Conservation news

Nigeria’s wildlife traders, who weathered Ebola, eye post-COVID-19 boom

  • Restrictions imposed by the Nigerian government to slow the spread of COVID-19 have hampered field operations of conservation agencies and NGOs, who are turning to creative and high-tech solutions to maintain operations.
  • Conservationists fear that a reduction in patrols and enforcement leaves Nigeria’s biodiversity — already under pressure due to a vast wildlife trade — extremely vulnerable.
  • In Nigeria’s wildlife markets, some traders report a downturn due to a generally slow economy, and to movement restrictions on customers. However, they say a ban on interstate travel has not stopped the flow of wildlife products between forests and cities.

On March 30, authorities in Nigeria imposed a lockdown on the commercial city of Lagos, neighboring Ogun state, and the capital city Abuja. As COVID-19 spread to all 36 of Nigeria’s states, the government quickly placed a ban on interstate travel (now partly eased). Curfews were introduced, face masks made compulsory, and public spaces like markets and places of worship either shut down or required to limit entry to 50 people at a time.

The gradual reopening of the economy has led to the easing of some restrictions. But the activities of conservationists, classified as non-essential services, still face limitations.

Among the conservation activities that have been reduced or stopped entirely are guard patrols; logging monitoring; tracking of traffickers; intercepting farmers encroaching on protected areas; community outreach programs; and prosecuting arrested offenders.

Nigeria, a country of 200 million people, is home to a vast wildlife trade. A wide array of animals, including endangered apes and pangolins, are hunted to feed both domestic and international demand for bushmeat and body parts. With pressure on the country’s biodiversity so great, easing up on conservation measures can be costly.

“There are gaps with the fact that most people are away,” says Joseph Onoja, director of technical programs at the Lagos-based NGO Nigerian Conservation Foundation. “Law enforcement are generally weak, something that poachers may exploit this period.”

The responses of wildlife traders contacted by Mongabay indicate that conservationists like Onoja have good reason to be concerned. Some traders say the global economic downturn is putting a damper on their activities, or that movement restrictions are having an impact at the retail end of the business. However, despite restrictions they said hunting has persisted, and that few customers or hunters appear to be deterred by research linking pangolins and the COVID-19 outbreak, or by the high likelihood that a respiratory disease like COVID-19 could spread easily between apes and humans.

“We noticed in the early stages of coronavirus that a lot of our customers were slightly withdrawing their patronage. Sometimes I have six unsold pangolins — which is abnormal,” says Adam King, who sells bushmeat in Emure-ile, about 300 kilometers (185 miles) west of Lagos in Ondo state. “As the virus stayed longer, and those who were eating the bushmeat weren’t catching coronavirus, our customers started buying the bushmeat again.”

Photographed in 2019, a vendor smokes antelope meat at a bushmeat market on the outskirts of Lagos, Nigeria. Image by Orji Sunday for Mongabay.

Species under threat

Pangolins, believed to be the world’s most trafficked animal due to demand for their scales, are particularly vulnerable. According to the Netherlands-based Wildlife Justice Commission, 55% of pangolin scales seized globally between 2016 and 2019 were linked to Nigeria. Meanwhile, Nigeria’s apes face a double threat of poaching and a likely vulnerability to infection by COVID-19.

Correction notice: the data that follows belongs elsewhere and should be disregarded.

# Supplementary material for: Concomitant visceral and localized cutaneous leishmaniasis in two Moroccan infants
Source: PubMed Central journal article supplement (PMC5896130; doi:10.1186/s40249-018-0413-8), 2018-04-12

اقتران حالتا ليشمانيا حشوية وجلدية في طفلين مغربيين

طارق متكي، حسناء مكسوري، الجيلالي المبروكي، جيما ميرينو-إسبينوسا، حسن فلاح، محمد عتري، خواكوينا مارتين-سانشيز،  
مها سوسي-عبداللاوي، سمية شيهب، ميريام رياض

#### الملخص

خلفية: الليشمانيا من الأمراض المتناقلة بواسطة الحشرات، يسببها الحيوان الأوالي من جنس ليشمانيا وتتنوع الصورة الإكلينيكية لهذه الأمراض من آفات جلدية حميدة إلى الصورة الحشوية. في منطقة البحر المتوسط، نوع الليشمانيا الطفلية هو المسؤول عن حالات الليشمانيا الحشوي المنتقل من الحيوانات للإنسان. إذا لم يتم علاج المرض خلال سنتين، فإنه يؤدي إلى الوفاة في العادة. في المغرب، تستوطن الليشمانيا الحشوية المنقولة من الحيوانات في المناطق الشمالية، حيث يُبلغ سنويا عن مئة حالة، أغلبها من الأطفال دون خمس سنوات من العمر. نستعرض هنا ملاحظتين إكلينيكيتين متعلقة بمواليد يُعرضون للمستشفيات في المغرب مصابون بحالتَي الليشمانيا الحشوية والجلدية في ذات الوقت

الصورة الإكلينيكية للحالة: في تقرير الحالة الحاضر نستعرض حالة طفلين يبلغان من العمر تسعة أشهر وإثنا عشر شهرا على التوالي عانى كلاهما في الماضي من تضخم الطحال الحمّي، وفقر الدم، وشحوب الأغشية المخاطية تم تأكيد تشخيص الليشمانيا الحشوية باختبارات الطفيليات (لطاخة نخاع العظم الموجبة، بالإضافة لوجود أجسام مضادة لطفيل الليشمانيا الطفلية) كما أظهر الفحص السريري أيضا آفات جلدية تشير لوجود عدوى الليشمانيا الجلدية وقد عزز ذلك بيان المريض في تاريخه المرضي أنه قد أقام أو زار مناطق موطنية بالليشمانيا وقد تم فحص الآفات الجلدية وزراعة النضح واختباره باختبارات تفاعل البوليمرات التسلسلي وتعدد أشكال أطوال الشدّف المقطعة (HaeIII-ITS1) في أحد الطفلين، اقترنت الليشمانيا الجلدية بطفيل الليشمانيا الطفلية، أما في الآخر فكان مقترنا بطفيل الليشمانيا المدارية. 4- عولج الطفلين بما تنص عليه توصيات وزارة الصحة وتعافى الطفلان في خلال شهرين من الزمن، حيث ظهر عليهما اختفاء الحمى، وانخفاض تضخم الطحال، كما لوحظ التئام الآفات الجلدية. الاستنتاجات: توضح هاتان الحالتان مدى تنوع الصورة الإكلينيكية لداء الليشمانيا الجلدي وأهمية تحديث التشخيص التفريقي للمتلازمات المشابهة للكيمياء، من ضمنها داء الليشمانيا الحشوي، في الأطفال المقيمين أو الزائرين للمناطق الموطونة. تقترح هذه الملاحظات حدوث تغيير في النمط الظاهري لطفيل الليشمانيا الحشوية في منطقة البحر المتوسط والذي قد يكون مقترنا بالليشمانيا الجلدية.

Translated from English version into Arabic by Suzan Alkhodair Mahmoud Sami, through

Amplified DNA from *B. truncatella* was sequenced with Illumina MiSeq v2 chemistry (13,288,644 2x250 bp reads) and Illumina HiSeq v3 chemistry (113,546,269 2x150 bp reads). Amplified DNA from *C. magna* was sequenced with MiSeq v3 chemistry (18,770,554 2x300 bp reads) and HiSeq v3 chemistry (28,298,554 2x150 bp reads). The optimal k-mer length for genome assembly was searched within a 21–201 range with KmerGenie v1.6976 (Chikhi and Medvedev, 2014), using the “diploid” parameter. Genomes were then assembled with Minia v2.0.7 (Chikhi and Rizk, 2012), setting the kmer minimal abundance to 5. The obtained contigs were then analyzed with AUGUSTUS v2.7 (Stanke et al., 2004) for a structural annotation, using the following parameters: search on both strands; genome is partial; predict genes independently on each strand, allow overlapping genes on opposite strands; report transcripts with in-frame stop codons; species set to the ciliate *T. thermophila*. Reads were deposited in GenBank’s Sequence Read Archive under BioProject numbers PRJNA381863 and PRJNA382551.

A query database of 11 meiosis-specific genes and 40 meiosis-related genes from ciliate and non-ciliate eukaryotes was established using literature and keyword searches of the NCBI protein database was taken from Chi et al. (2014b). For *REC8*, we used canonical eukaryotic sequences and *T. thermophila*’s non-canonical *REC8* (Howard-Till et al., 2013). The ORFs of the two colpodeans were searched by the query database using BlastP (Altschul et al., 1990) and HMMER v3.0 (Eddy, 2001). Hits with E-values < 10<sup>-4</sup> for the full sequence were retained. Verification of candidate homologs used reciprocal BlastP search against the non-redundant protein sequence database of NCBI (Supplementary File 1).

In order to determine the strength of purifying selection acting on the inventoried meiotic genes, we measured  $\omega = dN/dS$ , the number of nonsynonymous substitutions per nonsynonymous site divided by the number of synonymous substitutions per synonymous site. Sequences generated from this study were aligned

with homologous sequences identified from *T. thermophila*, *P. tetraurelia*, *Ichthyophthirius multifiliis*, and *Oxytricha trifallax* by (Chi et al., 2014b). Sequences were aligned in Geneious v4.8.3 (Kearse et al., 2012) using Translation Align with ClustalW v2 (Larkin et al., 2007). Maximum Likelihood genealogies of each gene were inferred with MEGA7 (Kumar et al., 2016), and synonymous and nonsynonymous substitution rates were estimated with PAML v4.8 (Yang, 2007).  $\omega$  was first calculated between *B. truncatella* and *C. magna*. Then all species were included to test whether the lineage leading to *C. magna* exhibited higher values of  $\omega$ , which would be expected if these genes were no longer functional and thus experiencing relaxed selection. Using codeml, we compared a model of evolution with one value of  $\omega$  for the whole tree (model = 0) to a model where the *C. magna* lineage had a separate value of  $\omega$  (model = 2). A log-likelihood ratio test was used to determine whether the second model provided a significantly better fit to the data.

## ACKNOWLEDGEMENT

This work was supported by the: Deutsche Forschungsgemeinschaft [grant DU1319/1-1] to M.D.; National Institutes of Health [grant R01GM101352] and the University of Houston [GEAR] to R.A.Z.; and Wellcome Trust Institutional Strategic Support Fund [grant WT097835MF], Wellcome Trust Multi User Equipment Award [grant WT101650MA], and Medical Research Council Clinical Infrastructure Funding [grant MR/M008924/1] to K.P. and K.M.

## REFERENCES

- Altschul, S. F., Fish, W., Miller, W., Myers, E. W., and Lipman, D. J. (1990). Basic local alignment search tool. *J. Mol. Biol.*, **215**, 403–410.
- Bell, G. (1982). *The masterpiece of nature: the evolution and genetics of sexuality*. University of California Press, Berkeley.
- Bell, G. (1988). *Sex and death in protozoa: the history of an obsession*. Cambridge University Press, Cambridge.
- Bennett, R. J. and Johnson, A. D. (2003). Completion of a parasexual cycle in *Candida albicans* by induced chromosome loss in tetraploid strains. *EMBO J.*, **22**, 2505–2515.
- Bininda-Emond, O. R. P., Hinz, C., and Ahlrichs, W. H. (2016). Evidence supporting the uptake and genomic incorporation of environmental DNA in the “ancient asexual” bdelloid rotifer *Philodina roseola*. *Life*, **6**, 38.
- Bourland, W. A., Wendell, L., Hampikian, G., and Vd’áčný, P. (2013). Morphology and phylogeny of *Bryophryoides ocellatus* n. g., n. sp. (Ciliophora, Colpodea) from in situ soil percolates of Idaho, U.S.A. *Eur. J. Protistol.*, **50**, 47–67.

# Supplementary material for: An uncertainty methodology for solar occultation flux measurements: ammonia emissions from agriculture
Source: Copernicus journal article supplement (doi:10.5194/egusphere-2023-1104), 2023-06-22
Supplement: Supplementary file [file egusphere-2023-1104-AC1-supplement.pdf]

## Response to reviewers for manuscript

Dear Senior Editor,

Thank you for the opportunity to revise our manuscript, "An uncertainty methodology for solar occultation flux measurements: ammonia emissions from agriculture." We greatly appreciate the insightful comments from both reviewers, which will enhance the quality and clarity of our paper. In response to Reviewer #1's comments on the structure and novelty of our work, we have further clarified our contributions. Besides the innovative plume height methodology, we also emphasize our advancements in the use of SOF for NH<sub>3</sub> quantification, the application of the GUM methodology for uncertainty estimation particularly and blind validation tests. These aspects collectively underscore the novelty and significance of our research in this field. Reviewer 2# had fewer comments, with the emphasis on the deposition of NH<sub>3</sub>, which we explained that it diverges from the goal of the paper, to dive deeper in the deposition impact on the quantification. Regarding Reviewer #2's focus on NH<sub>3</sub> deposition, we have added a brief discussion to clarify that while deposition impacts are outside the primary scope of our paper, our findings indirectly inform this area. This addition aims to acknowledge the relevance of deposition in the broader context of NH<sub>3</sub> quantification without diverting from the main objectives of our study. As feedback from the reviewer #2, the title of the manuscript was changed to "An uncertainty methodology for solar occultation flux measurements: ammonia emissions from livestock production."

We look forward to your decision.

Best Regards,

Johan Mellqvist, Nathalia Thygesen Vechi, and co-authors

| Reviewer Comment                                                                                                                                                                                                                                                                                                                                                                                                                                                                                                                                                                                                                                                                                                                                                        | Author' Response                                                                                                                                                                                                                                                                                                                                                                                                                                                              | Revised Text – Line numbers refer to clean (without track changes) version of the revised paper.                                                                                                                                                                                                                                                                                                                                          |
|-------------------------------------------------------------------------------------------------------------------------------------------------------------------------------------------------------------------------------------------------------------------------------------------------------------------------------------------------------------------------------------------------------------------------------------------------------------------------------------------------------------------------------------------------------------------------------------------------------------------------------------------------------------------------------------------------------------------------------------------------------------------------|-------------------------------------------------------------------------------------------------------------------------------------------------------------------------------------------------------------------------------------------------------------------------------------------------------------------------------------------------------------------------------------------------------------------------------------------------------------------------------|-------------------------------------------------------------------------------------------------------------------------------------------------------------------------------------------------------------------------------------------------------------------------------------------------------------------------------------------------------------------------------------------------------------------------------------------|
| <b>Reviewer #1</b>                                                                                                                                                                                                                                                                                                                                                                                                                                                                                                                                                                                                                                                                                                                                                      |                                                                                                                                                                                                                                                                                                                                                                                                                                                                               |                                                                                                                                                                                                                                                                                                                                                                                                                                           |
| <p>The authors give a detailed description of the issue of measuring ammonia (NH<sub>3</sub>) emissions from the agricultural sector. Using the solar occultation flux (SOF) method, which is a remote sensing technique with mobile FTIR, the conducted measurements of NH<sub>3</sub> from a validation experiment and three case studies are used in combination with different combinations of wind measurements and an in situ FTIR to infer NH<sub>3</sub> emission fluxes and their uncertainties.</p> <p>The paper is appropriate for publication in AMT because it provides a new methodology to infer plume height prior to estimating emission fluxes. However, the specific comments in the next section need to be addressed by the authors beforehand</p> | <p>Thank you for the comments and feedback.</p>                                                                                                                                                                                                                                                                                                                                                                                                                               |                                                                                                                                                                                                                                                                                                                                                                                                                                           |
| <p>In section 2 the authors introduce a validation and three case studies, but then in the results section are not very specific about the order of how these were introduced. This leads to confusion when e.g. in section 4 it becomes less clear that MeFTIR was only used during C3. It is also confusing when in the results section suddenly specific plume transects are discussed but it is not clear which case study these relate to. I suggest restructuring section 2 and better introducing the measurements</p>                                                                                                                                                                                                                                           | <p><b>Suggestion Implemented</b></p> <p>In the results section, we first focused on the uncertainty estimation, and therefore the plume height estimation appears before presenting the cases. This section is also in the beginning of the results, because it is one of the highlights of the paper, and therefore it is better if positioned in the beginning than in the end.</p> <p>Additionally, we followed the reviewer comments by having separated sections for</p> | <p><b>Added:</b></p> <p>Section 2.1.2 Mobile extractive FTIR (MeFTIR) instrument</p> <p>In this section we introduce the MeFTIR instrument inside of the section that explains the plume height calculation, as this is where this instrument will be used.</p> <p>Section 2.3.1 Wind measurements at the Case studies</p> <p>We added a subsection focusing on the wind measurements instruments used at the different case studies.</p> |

With hunting and habitat loss driving the global population of Nigeria-Cameroon chimpanzee (Pan troglodytes ellioti) down to just 6,000 individuals, and the Cross River gorilla (Gorilla gorilla diehli) to fewer than 300, an epidemic would be devastating.

In addition, trees such as rosewood and iroko (Milicia excelsa) have been unsustainably logged to feed demand for wood products in expanding urban centers.

Protecting these species is already a challenge. The restrictions put in place due to COVID-19 have amplified the difficulties. Both government officials and private conservation groups have faced restrictions on movement, the need to maintain social distance, and a low supply of personal protective equipment, which is vital for protecting both wildlife workers and the apes they may encounter.

A Cross River Gorilla, pictured here at Cameroon’s Limbe Wildlife Centre. Only about 300 of the species are believed to survive in the mountainous border regions of Nigeria and Cameroon. Image by Julie Langford via Wikimedia Commons (CC BY-SA 3.0)

A variety of initiatives have been deployed in response.

For instance, the National Park Service, the agency leading the protection and management of national parks across the country, says it now uses drones and other high-tech tools to conduct enhanced surveillance on protected areas. Some rangers have also been retained in the parks, and regularly check in with their supervisors via phone calls, WhatsApp or email. The parks are closed to visitors, while rangers are required to wear protective gear to avoid infecting apes or other genetically related animals while maintaining patrols across poaching and logging hotspots.

The Nigeria Conservation Foundation (NCF), one the country’s most active biodiversity NGOs, has been able to draw on a wide network of field workers. The organization has sustained field operations through field officers who live close enough to reserves that they can literally walk short distances from their homes to protected areas. As with the park service, supervising officers get regular updates by phone about arrests, patrols, and the interception of loggers or poachers via phone calls.